Prime Minister Scott Morrison announced today that “isolated and vulnerable” Australians at the epicentre of the Coronavirus outbreak in China will be evacuated and quarantined on Christmas island for 14 days.
Dr Neela Janakiramanan has penned this comprehensive piece on whether “offshore quarantining” is really necessary, or if the announcement is more political posturing aiming to make use of a facility that was controversially (and expensively) re-opened.
**This piece was first published on the 29th January. An update was published at the bottom of this piece on the 2nd February to reflect the evolving nature of this epidemic.
On December 31, 2019, the World Health Organisation (WHO) was notified of a number of cases of pneumonia in the city of Wuhan, China. Although the involved virus was unknown, the source of this infection seemed to be the Huanan Seafood Wholesale Market. Initial fears that this was a recurrence of the severe acute respiratory syndrome (SARS) virus that killed at least 770 people worldwide in 2002-2003 were ruled out by the first week of January.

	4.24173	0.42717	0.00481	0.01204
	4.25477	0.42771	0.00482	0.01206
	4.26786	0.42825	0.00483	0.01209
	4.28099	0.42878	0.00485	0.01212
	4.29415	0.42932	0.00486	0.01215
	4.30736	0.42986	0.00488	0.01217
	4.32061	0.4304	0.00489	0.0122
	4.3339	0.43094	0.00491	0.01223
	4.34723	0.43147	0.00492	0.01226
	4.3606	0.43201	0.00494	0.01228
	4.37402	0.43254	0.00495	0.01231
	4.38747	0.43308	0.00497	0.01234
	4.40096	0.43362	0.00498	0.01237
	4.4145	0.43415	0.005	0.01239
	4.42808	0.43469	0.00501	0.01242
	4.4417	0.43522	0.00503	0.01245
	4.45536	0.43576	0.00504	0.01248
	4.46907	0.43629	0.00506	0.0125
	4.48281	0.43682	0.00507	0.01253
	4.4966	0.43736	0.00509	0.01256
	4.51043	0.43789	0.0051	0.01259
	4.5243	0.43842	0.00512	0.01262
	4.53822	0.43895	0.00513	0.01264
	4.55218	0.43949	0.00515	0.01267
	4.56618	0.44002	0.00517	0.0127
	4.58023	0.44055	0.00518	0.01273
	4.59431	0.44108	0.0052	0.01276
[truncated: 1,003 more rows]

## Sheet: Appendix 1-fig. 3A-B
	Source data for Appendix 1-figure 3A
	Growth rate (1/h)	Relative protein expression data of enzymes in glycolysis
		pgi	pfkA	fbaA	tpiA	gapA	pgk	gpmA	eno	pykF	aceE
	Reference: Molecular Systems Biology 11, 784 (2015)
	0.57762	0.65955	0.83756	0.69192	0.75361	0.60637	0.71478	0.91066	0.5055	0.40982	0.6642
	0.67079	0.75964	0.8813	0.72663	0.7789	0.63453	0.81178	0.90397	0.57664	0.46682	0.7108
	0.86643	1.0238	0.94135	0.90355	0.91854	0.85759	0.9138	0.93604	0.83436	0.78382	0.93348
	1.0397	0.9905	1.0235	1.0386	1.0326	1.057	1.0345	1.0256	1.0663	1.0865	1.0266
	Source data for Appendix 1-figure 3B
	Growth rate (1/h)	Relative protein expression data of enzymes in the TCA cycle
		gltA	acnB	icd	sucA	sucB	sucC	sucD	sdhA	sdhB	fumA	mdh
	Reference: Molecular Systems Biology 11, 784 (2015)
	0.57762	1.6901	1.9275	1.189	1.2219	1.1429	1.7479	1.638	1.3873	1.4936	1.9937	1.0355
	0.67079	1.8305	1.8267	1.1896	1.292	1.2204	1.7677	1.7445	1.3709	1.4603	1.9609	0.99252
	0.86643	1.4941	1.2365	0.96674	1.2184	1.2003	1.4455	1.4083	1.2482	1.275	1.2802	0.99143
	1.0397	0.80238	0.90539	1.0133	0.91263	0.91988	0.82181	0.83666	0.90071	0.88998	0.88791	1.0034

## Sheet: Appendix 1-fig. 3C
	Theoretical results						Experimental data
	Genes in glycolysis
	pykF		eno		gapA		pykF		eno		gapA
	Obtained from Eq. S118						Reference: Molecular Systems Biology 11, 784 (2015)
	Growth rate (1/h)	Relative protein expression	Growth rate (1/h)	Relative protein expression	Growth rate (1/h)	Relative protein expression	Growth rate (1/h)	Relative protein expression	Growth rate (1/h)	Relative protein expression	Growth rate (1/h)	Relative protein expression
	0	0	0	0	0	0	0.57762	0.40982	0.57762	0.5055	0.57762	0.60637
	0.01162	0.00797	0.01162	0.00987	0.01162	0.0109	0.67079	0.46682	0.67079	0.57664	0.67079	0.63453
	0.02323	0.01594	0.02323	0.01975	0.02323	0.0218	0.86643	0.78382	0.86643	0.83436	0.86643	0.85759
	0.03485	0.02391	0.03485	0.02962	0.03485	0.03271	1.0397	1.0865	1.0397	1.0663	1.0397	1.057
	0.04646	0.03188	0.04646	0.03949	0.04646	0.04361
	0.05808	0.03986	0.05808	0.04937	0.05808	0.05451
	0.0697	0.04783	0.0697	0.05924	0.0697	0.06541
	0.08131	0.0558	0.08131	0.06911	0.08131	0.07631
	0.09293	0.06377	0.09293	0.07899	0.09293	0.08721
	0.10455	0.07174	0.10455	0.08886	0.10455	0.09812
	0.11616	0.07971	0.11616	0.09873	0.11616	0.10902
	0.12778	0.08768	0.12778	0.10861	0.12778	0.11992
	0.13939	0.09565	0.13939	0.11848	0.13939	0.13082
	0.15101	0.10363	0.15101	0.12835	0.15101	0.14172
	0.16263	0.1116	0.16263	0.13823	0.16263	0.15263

On January 7, this new virus, named 2019-nCoV, was identified by the WHO.
Slowly, as Australian eyes were largely turned to the bushfire crisis at home, the virus was identified in returned travellers around the world – Thailand on January 13; Japan on January 16; and multiple countries including the US, Australia, France, and multiple locations in South East Asia over the following week.
To date, over 6000 cases have been identified globally, 132 people are known to have died of the disease as of writing, and multiple cities in the Hubei region of China have had travel restrictions placed on them, leaving both Chinese residents and international travellers unable to leave.
On this side of the planet, the Australian government has been considering plans to evacuate Australian caught up in the travel restrictions, with Prime Minister Scott Morrison announcing today that the immigration detention facility on Christmas Island would be used to house those evacuated from China for two weeks following their return.
In the midst of undoubtedly a global public health emergency, the question must be raised whether quarantine on Christmas Island is a reasonable public health measure, or whether this is merely political posturing to make use of a facility that was re-opened in a controversial and expensive manner, and which has sat nearly empty for almost a year.